Playing in the Sandbox

The Consumer Electronics Show launches Sandbox Summit, a platform combining technology and toys. The International Consumer Electronics Show (CES) is often referred to as a playground for adults, filled with fun gadgets

April 6, 2018

Playing in the Sandbox

The Consumer Electronics Show launches Sandbox Summit, a platform combining technology and toys.


The International Consumer Electronics Show (CES) is often referred to as a playground for adults, filled with fun gadgets and tech toys that send grown men and women into fits of childish behavior in the "I want that!" vein. But this year, the adults moved over and made room for the actual kids.


The first annual Sandbox Summit, sponsored by the Parent's Choice Network and held in conjunction with CES (Jan. 7-10 in Las Vegas) gave a dedicated platform to the subject of technology and how it affects kids. Presenters offered new research and let brand managers openly discuss the challenges of developing technology, both on and offline, for kids.

On hand were representatives of such powerhouse properties as Nickelodeon, Sesame Street, and the Cartoon Network. Mattel's Barbie line presented its own success story linking the online experience with the physical, while academics debated just what constitutes appropriate media and technology for kids as young as two.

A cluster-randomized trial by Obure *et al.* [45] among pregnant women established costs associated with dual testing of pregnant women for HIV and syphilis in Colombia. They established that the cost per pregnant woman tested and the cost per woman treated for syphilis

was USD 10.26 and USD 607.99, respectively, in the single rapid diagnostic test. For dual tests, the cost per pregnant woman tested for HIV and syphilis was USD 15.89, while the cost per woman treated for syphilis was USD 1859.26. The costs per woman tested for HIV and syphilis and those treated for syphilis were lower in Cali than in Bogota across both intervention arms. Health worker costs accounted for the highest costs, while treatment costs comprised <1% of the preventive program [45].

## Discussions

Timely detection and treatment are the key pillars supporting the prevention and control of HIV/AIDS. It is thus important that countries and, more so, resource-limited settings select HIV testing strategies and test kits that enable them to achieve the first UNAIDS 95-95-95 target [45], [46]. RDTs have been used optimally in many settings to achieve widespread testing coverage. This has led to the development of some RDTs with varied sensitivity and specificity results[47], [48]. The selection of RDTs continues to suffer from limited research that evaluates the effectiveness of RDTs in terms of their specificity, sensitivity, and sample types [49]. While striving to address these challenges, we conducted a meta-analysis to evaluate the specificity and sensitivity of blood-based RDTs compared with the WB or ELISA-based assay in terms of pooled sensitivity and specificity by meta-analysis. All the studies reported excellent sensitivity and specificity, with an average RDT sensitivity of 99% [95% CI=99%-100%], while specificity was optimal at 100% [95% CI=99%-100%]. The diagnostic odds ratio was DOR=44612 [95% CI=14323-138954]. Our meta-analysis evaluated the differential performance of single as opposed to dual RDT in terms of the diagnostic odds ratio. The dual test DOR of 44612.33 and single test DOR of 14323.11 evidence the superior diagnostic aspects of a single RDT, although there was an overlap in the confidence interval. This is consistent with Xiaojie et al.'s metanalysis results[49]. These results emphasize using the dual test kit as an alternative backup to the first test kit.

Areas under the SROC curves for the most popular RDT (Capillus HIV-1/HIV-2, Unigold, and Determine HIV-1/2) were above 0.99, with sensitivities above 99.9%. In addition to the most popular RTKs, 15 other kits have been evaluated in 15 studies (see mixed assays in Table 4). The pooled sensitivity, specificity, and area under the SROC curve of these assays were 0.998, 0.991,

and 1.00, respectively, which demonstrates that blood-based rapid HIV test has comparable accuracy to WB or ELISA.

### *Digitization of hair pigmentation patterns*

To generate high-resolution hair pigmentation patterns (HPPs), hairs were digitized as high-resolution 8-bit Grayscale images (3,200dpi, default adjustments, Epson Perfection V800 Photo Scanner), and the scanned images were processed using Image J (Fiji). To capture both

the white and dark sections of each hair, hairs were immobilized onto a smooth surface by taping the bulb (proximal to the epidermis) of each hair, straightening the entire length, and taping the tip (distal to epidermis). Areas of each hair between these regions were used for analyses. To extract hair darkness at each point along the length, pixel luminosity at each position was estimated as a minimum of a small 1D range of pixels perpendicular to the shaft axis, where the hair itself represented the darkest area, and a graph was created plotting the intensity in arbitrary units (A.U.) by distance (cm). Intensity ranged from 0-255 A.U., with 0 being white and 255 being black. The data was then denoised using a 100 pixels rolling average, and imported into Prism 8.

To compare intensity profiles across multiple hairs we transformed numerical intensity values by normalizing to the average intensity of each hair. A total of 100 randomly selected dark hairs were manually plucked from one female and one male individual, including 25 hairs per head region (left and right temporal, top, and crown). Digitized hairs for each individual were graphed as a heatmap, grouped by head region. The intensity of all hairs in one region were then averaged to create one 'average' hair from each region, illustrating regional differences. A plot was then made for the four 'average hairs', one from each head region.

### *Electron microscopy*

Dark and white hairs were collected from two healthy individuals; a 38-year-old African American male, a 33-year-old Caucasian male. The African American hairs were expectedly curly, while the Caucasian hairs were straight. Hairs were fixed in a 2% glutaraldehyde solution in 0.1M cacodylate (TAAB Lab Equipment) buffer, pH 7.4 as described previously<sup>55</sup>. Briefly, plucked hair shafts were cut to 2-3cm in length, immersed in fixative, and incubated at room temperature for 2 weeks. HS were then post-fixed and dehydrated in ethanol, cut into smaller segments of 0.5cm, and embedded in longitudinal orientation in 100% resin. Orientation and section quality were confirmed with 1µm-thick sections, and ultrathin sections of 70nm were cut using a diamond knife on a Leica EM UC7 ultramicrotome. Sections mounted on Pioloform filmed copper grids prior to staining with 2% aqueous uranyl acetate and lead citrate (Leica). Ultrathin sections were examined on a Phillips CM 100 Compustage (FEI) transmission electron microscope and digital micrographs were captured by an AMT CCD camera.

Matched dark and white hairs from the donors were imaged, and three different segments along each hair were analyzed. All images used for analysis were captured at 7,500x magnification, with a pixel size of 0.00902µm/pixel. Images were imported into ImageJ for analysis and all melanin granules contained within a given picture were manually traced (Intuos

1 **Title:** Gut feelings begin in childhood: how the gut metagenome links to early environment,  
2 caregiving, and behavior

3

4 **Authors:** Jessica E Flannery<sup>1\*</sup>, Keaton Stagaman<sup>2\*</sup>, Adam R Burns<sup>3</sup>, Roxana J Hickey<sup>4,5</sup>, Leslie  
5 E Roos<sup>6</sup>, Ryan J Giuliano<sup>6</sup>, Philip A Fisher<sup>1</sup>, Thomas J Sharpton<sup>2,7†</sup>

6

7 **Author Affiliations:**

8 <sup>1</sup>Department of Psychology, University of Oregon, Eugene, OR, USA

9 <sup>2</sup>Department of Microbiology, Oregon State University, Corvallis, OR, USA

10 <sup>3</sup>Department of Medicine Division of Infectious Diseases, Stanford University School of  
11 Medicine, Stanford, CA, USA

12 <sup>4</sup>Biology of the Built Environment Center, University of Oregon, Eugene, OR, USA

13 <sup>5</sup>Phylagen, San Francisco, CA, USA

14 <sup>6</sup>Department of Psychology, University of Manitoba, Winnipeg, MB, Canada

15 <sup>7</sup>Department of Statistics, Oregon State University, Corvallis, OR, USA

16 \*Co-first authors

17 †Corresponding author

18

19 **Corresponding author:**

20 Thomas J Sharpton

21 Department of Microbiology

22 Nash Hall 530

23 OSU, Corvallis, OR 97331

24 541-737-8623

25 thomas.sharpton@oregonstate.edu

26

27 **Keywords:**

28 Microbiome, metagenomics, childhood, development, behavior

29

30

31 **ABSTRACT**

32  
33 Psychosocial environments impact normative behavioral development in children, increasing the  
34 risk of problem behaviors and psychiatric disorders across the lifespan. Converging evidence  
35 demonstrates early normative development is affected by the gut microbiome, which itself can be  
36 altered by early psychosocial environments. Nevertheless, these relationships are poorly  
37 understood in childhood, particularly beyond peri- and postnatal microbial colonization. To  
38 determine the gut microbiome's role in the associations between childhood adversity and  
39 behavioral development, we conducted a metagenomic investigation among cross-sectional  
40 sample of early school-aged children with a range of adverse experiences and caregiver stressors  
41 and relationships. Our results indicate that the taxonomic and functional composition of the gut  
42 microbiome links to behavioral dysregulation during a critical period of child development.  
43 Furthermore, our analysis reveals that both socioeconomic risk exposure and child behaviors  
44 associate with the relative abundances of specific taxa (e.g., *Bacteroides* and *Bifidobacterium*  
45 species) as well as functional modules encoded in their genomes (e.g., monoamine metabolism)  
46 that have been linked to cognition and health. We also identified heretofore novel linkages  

Children are exposed to digital

media at younger ages every year, are spending more time playing with or using media, and live in homes with an increasing number of electronics items, according to research from the NPD Group. Sales of gaming devices and child-themed product continue to climb, according to the Consumer Electronics Association (CEA), and parents' acceptance of digital technology in the lives of their children is growing as well. It really is a digital world, and there's a lot at stake for toy makers, product developers, and brand managers.

Do Your Research

"Shake your money maker," declared a rather famous, short, furry red guest at the Sandbox Summit. "My money maker is fine," replied his co-presenter, Terry Fitzpatrick, executive vice president of distribution at Sesame Workshop. Fitzpatrick may have been addressing a Muppet named Elmo, but his answer was an understatement. Sesame Street and its line of characters, toys, and media properties have been blazing a trail in educational products for children for the past four decades.